ESPN’s legion of beat writers predicts NFL teams will be combined 54 games over .500

Eric Edholm

ESPN has made a bold and pretty much unprecedented move, hiring 32 beat writers, one for each of the NFL teams, in an effort to corner the market on pro football coverage.

Good for them. Many of them are extremely talented writers. But as mathematicians? Eh. Not so much.

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The parent company asked each of the writers to predict what their respective team's records will be. Makes sense. Readers love season predictions, and it stirs lively debate. The problem is that most of them think too highly of their own teams.

The cumulative record of the predictions (we went through and added them up) is 283-229. Now, that's a winning season! Sure, this is the network that brings you Jon Gruden, who might as well be picking every team to go 16-0. But little known fact you might not realize: Such a total needs to come out to 256-256 — a win and a loss for each game — unless we want to start predicting ties, and all that messy stuff.

The faulty math bears these ugly numbers. By their count, only eight teams will finish with losing records (last season there were 16), and 20 teams will have at least nine victories (only 14 in '12). It likely says as much about the way the media view the teams they cover, as it does their inability to add or subtract. We hope.

The writers might be optimistic overall, but it's the lower-caliber teams that likely need the biggest adjustment. ESPN has 13 teams winning between 10-12 games; last season there were 11, so they're likely not too far off there. Where their list likely won't hold water is with the middle-of-the-pack and worse clubs. There's an excellent chance that more than six teams will have six or fewer wins — last season there were 10 such teams — as dating back to 1996 there has been an average of 10.3 teams with six or fewer victories, with eight teams (twice) being the low-water mark in that spell.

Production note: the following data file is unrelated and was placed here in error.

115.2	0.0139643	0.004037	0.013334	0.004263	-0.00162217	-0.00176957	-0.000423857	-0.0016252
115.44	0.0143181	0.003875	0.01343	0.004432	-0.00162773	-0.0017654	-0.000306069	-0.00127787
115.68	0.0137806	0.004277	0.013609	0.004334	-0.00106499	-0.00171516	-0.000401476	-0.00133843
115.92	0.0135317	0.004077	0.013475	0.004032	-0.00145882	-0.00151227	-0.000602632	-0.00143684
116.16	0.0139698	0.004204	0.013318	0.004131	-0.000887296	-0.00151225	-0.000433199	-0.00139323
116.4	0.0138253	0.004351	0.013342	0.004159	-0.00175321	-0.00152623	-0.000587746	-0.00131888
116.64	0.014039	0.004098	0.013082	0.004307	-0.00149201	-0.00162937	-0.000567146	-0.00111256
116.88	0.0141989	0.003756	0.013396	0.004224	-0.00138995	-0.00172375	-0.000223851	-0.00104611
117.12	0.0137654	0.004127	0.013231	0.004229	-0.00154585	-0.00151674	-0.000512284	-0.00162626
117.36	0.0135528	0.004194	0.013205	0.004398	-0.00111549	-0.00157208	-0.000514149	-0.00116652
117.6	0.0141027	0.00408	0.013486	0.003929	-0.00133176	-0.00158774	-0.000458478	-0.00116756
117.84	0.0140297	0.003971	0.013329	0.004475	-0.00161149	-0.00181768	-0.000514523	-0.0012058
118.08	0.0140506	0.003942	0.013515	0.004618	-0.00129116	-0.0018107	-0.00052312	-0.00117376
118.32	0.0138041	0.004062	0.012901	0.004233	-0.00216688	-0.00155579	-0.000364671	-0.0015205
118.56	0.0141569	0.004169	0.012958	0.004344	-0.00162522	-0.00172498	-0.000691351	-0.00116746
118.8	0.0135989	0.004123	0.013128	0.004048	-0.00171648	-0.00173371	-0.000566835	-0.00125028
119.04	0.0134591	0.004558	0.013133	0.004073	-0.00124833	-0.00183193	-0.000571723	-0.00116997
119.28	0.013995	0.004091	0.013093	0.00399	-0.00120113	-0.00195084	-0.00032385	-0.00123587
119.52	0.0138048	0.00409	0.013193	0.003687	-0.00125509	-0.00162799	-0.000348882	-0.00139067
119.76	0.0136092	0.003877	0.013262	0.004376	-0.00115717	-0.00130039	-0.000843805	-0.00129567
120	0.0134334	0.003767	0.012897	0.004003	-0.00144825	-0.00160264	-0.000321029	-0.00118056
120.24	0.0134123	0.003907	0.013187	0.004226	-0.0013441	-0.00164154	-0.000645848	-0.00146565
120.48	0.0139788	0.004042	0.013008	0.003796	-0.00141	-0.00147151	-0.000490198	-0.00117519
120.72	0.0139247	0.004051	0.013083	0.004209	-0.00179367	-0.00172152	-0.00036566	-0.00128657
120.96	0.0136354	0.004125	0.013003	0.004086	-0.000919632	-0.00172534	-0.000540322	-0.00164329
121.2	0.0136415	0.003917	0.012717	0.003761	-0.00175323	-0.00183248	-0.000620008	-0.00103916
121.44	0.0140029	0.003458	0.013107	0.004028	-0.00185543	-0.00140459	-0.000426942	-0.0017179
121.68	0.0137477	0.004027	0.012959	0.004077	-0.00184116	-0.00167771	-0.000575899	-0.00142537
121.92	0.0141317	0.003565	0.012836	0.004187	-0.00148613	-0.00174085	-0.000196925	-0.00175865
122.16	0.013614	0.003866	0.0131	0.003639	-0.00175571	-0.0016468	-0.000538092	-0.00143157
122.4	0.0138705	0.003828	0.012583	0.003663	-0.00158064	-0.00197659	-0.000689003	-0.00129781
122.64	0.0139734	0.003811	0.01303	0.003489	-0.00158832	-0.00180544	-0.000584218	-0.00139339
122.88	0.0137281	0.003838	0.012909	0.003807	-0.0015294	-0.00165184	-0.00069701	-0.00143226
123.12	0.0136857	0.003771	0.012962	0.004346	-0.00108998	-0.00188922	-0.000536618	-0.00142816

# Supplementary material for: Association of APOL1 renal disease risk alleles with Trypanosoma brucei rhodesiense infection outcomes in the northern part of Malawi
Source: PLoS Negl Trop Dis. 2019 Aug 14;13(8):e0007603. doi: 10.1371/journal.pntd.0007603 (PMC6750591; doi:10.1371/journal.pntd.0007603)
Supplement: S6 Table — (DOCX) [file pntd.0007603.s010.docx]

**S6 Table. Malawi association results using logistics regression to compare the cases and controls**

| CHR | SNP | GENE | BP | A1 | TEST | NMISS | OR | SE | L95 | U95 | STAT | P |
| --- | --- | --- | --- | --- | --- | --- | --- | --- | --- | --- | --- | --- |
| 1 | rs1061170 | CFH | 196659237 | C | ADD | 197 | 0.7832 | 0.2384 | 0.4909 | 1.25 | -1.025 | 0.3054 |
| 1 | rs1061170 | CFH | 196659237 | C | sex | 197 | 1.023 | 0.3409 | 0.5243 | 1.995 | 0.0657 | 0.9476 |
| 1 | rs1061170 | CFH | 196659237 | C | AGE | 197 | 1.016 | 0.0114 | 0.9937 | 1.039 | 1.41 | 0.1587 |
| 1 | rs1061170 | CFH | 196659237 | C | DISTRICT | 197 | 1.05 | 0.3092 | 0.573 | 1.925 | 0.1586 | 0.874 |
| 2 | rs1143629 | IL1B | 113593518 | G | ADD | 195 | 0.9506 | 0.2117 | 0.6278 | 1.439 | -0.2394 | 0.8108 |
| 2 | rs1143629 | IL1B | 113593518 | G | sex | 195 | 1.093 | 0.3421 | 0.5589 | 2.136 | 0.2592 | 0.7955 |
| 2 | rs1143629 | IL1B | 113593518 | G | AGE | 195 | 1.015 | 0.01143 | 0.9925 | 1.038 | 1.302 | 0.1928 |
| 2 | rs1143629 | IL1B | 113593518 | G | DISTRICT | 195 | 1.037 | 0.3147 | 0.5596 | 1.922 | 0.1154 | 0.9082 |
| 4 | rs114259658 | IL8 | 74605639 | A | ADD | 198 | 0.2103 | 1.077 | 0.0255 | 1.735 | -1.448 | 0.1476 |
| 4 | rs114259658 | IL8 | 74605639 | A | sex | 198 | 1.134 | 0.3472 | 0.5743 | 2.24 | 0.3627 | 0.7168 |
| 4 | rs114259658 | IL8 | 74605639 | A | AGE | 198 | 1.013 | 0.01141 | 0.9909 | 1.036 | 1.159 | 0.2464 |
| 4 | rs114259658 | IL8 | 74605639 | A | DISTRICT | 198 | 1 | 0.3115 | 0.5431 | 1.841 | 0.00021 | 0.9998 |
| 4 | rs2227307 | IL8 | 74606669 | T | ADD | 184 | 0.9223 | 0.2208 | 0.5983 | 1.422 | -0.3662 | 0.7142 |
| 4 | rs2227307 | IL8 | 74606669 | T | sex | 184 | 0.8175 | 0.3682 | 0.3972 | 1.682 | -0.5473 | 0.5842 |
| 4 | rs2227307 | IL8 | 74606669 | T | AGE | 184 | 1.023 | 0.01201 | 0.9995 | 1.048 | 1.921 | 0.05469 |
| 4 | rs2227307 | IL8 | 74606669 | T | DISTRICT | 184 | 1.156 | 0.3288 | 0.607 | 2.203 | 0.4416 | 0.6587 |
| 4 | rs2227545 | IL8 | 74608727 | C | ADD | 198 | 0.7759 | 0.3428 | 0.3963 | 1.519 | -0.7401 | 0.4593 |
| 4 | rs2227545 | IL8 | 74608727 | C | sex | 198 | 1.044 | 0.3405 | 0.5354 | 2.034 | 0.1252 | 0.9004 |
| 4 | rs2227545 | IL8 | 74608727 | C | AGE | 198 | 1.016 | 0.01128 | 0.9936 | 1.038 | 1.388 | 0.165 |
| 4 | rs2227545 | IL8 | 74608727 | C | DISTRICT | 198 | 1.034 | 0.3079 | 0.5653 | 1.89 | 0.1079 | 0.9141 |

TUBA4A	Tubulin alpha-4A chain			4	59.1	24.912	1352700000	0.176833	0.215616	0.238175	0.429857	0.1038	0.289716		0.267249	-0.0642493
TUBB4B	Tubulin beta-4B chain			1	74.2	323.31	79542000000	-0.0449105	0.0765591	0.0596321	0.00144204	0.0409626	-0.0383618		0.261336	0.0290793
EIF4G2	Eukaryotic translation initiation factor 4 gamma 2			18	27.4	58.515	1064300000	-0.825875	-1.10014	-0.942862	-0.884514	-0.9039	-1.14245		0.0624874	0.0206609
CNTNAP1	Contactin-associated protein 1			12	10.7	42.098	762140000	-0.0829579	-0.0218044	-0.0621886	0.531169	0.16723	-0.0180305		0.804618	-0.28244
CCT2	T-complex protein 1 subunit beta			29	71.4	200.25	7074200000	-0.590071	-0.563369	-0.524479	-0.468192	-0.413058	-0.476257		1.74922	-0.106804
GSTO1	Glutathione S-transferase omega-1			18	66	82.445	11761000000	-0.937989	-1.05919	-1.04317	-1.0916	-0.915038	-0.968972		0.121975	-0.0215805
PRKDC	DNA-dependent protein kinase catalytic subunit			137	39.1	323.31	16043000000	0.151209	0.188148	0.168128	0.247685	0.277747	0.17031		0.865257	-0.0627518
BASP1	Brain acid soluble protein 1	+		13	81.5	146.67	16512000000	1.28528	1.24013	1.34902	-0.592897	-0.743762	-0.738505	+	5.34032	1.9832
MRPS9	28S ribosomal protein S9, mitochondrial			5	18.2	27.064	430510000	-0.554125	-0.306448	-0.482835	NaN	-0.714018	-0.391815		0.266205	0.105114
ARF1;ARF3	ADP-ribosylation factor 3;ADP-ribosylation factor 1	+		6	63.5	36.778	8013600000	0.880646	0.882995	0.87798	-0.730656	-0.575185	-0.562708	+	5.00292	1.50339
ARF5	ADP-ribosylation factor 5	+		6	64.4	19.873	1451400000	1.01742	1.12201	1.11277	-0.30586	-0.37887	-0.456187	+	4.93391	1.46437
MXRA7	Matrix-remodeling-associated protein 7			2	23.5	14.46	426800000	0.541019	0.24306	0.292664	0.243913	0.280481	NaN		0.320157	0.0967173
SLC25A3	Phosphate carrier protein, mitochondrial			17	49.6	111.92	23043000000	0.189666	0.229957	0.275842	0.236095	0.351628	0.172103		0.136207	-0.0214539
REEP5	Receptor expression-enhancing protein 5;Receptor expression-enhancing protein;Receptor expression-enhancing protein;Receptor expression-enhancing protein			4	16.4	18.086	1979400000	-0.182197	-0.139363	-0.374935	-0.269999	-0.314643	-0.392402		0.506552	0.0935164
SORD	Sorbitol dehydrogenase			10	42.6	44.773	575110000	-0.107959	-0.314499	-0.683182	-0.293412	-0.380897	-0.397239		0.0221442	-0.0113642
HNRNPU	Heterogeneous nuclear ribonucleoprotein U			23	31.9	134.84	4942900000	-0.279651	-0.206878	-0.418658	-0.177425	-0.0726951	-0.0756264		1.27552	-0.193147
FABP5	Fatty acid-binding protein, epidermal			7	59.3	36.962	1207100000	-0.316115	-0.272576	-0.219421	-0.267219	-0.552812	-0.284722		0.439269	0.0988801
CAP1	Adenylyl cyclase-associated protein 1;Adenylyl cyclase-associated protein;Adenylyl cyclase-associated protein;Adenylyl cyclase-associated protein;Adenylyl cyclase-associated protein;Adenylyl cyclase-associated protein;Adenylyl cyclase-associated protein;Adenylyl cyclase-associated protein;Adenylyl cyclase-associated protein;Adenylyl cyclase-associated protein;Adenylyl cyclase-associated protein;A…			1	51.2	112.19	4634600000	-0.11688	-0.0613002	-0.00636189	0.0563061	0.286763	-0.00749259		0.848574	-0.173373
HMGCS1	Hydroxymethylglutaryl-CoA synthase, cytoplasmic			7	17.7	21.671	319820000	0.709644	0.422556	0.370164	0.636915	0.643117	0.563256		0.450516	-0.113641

Hey, maybe it was a poorly conceived idea. If it was one writer coming up with this total, it would be absolutely inexcusable to tally these records. But with 32 writers coming up with 32 individual predictions, it would take some serious editorial massaging — we suggest everyone shaving off one victory per team and going from there — to get the numbers to add up.

And really, even if you did have an Even Steven mark of 256 on each side of the ledger, it might not work out properly unless they went so far as to predict the outcome of every individual game, which seems a bit silly and laborious.

The greater point likely is this: Everyone is high on their teams now. Rosters are mostly healthy, and no first-round picks are busts at this point. Free-agent acquisitions can be excused for having poor preseasons because, well, it still doesn't count. But when the games start, reality will set in.

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